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Another mother lode of fossils

22 February 2014

Member William Thompson has sent in the title of a book that provides another mother lode. It is Kirk Johnson and Ian Miller, 'Digging Snowmastodon: Discovering an Ice Age World in the Colorado Rockies' which is published under the auspices of the Denver Museum of Nature and Science, by the Peoples Press of Aspen, Colorado (2012). You can buy it in paperback online at Amazon or through any good book store – ISBN 978 1 936905 06 5

At Amazon there is a review of the book that was originally published in a trade journal but was reprinted online with their permission. From this we learn a bit about the discovery. In 2010, while excavating for an expansion of a lake behind a dam near the ski resort of Showmanss in Colorado a bulldozer driver unearthed bones of what turned out to be a mammoth. He had dug into the former bed of the lake – much larger than it is now, and it is assumed the animal had been trapped in mud and was subsequently buried in the lake bottom sediments. As we shall see there is a problem with this uniformitarian missive – as lots more bones were found and they may all of been buried much more quickly than mainstream would like. After all, what were mammoth and mastodon and other big beasts doing way up in the Rockies, in an envrionment that has been described as a wetland (marsh).

Ther book is basically the story of what happened over the next nine months as the single mammoth turned out to be an Ice Age site full of bones. The museum employed a bevy of volunteer diggers who went on to move 7000 cubic yards of earth in 50 days – the deadline set by the construction company. The dug it out using good old building site fry pans, the ubiquitous shovel. Some 4000 bones were excavated – and no doubt there are still lots of them down there (now under the water). The book is exceptional as it has many photographs, illustrations, sketches and line drawings, as the excavation was carefully monitored by museum staff and others. This is geological research at its best – and the reader has the chance to see what they were seeing as it came out of the ground. The book also provides the standard geological history for the surrounding area (from a uniformitarian standpoint) which is useful as background. Even after all that effort it is estimated that just ten per cent of the bed was investigated.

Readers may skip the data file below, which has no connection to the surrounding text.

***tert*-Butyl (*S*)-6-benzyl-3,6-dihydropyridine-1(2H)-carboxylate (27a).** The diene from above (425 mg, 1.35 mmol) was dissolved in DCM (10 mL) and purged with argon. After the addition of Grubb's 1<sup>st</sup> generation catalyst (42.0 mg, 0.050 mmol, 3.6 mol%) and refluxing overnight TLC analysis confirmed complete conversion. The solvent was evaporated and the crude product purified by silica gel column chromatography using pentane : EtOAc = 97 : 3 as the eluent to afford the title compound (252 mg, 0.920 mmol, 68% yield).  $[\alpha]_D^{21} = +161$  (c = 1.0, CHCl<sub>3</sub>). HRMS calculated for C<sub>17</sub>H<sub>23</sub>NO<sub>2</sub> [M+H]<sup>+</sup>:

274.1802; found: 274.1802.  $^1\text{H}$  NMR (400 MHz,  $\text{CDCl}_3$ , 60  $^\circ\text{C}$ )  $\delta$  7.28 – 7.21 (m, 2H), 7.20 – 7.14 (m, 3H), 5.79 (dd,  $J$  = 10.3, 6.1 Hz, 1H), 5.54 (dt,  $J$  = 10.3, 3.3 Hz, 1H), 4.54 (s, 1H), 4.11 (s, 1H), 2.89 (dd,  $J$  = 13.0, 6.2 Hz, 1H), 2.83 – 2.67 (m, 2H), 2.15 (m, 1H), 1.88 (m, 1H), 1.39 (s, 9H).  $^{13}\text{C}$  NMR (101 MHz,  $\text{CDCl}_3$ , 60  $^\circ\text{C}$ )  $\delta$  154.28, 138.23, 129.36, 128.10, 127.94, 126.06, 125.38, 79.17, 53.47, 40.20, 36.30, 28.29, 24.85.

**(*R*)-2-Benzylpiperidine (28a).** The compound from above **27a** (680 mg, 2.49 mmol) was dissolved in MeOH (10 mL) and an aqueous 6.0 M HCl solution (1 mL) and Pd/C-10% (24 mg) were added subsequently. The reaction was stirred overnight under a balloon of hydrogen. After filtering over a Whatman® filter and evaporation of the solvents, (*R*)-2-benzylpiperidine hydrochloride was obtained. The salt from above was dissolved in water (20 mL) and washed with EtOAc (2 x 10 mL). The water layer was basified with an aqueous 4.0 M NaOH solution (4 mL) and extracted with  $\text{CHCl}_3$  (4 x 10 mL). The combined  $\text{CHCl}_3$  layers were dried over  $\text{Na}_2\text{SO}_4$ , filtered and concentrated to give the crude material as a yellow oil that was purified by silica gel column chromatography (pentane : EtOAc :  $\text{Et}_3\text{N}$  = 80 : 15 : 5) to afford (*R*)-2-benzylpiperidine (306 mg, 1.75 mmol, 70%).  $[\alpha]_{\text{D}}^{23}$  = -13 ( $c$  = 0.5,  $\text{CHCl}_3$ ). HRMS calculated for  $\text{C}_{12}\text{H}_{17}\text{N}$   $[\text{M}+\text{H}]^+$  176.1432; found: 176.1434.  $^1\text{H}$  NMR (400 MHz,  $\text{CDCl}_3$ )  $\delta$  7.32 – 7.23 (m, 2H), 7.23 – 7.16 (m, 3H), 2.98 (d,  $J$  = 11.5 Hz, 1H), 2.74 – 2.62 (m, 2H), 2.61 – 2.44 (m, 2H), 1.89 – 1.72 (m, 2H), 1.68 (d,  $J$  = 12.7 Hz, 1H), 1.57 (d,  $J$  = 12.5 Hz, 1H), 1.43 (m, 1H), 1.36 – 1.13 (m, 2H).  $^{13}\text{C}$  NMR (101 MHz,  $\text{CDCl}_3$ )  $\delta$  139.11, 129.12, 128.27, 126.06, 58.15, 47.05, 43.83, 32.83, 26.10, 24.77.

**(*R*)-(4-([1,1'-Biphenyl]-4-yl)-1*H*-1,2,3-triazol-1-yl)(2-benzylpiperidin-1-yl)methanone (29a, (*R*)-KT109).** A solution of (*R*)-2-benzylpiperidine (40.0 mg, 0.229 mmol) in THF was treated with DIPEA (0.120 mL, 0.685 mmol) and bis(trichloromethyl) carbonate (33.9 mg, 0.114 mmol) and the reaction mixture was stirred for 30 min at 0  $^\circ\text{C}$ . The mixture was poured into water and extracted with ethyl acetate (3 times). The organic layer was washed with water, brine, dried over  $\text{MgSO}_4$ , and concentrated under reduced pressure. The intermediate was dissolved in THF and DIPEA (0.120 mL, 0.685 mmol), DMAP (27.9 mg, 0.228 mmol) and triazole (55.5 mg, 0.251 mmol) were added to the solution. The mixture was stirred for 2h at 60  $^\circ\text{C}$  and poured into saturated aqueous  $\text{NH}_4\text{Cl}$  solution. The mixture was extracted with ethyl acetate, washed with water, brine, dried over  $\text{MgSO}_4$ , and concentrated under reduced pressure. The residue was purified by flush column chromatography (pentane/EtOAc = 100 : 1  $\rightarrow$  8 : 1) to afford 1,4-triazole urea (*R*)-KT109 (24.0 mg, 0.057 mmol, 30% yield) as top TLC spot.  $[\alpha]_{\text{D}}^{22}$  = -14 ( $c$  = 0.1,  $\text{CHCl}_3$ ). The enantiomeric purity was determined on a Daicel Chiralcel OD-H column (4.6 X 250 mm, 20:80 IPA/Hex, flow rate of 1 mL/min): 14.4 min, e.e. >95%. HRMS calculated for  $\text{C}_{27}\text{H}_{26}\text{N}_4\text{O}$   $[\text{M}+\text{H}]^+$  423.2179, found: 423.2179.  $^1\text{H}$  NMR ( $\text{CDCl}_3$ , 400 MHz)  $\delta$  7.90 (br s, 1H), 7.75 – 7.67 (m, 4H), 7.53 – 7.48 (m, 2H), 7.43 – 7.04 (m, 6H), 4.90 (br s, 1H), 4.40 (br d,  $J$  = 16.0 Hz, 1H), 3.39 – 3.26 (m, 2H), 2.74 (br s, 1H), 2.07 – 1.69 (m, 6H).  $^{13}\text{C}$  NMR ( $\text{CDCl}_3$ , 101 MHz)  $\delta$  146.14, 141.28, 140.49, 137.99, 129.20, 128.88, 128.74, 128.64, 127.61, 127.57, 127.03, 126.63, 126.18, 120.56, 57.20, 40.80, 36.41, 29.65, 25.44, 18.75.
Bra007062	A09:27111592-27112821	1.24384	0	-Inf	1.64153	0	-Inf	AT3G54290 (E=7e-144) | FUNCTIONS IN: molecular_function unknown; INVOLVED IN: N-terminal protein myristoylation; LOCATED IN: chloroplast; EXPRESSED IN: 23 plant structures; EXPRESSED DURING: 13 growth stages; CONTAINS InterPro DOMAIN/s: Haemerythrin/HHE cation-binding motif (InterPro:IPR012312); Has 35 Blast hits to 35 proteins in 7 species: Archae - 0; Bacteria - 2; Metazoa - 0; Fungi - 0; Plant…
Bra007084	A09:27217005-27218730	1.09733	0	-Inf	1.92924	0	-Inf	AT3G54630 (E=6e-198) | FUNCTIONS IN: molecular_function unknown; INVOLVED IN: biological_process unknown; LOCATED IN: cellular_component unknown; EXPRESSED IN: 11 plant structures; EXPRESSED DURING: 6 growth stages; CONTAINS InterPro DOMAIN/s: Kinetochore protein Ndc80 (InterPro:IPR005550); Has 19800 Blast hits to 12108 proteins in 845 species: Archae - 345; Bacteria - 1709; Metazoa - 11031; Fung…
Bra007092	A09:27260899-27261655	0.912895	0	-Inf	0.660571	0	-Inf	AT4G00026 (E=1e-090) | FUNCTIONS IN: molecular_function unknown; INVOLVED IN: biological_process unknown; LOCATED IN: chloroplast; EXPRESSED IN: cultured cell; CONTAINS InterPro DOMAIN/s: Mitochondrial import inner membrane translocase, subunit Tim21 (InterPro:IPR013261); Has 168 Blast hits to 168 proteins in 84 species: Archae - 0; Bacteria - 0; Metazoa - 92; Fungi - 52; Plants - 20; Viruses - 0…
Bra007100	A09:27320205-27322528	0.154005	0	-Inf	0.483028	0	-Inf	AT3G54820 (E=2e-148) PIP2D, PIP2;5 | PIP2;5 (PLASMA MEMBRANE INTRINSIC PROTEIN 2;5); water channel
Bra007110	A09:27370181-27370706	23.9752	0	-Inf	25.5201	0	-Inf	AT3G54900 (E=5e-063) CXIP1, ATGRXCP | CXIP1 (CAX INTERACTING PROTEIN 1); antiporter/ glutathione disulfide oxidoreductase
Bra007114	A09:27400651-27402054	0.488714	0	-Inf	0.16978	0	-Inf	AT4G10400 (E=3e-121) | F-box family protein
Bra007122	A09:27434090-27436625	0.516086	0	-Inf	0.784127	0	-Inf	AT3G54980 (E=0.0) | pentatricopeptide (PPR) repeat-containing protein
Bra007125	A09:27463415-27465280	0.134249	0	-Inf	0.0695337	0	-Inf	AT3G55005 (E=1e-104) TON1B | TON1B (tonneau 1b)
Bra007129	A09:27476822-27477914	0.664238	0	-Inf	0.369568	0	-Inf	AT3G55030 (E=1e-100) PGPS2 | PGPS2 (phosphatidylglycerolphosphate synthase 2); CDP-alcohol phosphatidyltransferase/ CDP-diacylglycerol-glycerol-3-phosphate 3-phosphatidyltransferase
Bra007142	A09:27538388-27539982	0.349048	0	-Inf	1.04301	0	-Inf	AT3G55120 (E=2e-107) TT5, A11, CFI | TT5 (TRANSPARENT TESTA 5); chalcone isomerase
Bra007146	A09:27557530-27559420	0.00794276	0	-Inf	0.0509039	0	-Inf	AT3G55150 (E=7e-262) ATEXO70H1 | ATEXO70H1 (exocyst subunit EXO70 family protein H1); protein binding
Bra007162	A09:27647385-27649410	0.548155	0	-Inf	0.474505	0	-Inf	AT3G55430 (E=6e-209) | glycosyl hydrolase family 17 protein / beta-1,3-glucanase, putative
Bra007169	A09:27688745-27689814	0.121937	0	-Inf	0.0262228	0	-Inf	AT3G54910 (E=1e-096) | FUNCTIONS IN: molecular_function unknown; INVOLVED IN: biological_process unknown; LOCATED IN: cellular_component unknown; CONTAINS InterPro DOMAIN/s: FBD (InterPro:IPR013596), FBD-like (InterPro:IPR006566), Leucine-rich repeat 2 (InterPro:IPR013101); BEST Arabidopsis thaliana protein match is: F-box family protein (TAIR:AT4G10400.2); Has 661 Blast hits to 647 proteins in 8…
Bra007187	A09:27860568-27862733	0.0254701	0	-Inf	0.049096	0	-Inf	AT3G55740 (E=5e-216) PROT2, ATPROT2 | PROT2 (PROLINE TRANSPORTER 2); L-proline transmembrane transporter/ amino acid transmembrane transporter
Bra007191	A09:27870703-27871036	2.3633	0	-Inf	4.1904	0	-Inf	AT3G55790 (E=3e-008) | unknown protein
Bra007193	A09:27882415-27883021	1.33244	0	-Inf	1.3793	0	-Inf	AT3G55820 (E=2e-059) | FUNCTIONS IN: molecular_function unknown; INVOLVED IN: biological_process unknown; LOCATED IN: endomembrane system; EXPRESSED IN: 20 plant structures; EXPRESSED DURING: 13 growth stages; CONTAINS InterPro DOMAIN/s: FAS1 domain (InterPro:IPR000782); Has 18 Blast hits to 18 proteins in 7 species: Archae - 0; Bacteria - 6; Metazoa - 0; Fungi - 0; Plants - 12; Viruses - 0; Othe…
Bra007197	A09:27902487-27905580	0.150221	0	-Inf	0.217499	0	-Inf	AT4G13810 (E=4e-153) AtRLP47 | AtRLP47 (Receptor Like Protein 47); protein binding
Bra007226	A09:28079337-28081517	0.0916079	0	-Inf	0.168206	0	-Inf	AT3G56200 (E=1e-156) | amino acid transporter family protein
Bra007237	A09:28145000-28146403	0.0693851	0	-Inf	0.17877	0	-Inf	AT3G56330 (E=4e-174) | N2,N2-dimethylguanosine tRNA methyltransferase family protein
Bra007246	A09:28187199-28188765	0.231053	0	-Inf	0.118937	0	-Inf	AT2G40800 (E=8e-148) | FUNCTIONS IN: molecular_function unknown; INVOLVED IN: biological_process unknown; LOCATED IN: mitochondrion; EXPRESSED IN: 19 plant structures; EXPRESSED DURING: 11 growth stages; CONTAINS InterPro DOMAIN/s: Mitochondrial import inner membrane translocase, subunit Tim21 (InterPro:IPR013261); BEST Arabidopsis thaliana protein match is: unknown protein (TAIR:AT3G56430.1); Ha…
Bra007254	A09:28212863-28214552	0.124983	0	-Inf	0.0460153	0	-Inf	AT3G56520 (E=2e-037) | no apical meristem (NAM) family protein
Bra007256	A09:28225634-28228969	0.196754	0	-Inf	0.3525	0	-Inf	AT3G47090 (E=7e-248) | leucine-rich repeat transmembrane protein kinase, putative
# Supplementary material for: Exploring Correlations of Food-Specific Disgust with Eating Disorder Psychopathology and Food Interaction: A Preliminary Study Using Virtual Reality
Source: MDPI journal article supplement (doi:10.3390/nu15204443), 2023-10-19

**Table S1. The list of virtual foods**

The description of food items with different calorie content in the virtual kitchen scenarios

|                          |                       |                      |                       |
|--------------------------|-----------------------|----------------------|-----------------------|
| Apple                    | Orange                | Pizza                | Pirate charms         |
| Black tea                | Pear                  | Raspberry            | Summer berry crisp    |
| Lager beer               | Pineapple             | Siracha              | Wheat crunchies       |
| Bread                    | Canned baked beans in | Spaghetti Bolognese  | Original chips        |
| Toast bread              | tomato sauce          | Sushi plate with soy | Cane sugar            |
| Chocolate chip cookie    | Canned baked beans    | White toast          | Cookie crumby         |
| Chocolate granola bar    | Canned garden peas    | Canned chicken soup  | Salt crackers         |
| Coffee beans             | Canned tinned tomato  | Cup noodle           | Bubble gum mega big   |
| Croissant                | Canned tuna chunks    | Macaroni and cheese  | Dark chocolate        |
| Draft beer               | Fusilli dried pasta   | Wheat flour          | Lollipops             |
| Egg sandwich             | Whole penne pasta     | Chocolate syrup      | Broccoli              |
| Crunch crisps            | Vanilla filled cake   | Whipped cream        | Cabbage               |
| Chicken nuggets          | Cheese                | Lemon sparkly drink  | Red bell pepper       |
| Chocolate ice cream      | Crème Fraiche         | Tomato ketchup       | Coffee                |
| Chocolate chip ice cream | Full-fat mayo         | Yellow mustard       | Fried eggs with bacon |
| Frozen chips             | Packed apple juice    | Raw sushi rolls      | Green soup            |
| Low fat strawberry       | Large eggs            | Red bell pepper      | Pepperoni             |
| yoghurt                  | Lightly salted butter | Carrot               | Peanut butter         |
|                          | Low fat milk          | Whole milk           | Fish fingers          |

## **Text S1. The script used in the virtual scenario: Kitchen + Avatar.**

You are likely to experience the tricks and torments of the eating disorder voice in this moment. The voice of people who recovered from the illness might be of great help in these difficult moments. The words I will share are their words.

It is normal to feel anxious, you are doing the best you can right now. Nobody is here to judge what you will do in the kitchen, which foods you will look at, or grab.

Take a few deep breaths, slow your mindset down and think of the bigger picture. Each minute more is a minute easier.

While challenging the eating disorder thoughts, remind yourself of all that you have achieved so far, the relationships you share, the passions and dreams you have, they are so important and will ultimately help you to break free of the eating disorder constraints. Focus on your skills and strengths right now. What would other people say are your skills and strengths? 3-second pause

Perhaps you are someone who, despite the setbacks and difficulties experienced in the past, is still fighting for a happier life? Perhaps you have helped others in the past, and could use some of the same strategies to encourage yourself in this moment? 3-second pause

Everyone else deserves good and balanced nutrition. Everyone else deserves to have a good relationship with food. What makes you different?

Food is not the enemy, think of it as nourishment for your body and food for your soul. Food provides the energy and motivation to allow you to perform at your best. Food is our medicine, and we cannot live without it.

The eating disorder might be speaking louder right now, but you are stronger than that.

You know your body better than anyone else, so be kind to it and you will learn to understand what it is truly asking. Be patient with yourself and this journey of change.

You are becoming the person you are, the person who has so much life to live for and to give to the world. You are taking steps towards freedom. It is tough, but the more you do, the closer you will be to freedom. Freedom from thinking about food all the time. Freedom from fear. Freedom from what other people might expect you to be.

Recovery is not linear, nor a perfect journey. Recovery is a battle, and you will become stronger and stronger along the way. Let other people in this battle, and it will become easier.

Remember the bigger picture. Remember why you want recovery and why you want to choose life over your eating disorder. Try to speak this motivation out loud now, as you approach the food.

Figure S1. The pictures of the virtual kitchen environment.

The responses to the online review are also interesting. Budding young geologists might like to see what they are missing. The bottom line is that the sediments represent an entirely different kind of environment at the lake when it was being laid down – presumably during an interglacial. Did it all come to an end in a catastrophe?

William Thompson also provided some web links – www.dmns.org/science/the-snowmastodon-project/ and www.dmns.org/science/museum-scientists/technical-reports

Try also downloading the report pdf where there is a lot of data to read.

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